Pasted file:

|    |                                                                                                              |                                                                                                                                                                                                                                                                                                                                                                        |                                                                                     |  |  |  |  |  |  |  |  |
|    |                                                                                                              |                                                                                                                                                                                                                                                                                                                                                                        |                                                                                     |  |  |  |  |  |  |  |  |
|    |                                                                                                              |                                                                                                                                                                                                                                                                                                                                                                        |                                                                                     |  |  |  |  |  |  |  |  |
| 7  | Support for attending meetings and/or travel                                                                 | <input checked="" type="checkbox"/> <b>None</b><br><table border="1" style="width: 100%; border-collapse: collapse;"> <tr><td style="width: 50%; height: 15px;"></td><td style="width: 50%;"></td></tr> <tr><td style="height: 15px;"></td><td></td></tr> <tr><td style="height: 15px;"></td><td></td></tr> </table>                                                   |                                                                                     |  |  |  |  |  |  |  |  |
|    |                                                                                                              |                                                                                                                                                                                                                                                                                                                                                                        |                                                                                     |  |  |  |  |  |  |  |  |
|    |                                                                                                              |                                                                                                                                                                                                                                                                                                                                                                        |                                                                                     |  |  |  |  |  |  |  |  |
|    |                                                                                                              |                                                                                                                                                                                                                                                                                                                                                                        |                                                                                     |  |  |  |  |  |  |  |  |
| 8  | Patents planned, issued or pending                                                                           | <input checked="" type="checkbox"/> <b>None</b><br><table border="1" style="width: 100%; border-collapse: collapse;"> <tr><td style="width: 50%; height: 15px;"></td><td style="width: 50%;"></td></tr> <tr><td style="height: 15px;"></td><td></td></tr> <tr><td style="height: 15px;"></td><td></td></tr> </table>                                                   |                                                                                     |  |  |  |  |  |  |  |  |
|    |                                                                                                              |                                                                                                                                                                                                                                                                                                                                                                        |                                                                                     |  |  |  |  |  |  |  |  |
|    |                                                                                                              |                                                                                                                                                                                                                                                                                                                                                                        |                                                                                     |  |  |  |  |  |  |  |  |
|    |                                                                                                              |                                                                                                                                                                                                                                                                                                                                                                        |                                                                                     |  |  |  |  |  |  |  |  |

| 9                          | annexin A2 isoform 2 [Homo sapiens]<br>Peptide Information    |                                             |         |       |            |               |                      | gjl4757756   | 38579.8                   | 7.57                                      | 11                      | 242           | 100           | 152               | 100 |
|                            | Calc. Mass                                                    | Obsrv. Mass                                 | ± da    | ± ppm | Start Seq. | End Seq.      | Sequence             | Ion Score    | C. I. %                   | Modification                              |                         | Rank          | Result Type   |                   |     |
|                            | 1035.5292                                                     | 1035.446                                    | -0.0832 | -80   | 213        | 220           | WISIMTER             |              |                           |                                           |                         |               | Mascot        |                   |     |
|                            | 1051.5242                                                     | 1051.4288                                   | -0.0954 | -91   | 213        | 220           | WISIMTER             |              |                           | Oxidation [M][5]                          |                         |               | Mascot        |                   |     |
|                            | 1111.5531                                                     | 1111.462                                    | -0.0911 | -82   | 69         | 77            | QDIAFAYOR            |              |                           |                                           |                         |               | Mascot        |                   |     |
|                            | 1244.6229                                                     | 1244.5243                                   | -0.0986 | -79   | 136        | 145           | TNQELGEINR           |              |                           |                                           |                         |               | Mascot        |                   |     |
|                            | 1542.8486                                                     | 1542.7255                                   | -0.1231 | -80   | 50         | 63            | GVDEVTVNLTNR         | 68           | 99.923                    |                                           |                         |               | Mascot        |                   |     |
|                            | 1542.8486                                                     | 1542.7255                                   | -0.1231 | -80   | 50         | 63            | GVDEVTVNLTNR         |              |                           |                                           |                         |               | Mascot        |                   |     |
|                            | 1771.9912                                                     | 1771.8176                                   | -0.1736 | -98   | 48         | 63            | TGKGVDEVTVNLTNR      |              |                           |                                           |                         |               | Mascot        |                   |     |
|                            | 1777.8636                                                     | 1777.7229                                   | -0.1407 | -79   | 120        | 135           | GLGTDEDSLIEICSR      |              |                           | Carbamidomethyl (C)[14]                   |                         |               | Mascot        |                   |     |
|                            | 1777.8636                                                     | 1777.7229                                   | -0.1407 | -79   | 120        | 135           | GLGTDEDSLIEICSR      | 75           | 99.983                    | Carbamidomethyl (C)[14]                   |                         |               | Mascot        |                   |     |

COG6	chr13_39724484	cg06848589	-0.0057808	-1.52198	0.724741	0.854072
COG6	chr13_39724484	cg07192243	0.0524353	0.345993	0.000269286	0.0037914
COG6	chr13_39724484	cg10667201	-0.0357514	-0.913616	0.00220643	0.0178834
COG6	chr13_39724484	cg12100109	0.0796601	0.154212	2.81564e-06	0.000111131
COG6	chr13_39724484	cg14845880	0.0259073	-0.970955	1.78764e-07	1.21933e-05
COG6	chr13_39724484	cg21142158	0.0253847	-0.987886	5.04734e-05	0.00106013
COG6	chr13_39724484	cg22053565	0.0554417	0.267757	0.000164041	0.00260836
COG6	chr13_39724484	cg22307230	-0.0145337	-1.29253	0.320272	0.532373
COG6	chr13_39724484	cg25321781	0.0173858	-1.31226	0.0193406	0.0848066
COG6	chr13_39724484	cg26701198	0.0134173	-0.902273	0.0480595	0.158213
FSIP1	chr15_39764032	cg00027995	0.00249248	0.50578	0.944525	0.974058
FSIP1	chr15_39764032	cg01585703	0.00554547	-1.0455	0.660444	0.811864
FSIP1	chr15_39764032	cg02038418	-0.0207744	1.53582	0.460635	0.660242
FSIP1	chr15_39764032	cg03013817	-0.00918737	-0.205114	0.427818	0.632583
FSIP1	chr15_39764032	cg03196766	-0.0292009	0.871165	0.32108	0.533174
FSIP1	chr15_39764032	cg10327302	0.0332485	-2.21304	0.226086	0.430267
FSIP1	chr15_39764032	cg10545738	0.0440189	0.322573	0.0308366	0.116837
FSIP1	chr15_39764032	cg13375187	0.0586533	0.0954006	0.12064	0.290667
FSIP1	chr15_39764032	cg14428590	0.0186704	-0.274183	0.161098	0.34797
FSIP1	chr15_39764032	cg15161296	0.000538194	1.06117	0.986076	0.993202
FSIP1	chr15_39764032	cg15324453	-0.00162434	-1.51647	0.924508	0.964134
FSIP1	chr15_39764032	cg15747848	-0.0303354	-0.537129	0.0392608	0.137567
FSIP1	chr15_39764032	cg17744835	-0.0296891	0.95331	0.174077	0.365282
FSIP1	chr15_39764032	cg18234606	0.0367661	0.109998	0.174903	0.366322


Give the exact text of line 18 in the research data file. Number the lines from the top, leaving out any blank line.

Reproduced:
|                            | 1542.8486                                                     | 1542.7255                                   | -0.1231 | -80   | 50         | 63            | GVDEVTVNLTNR         | 68           | 99.923                    |                                           |                         |               | Mascot        |                   |     |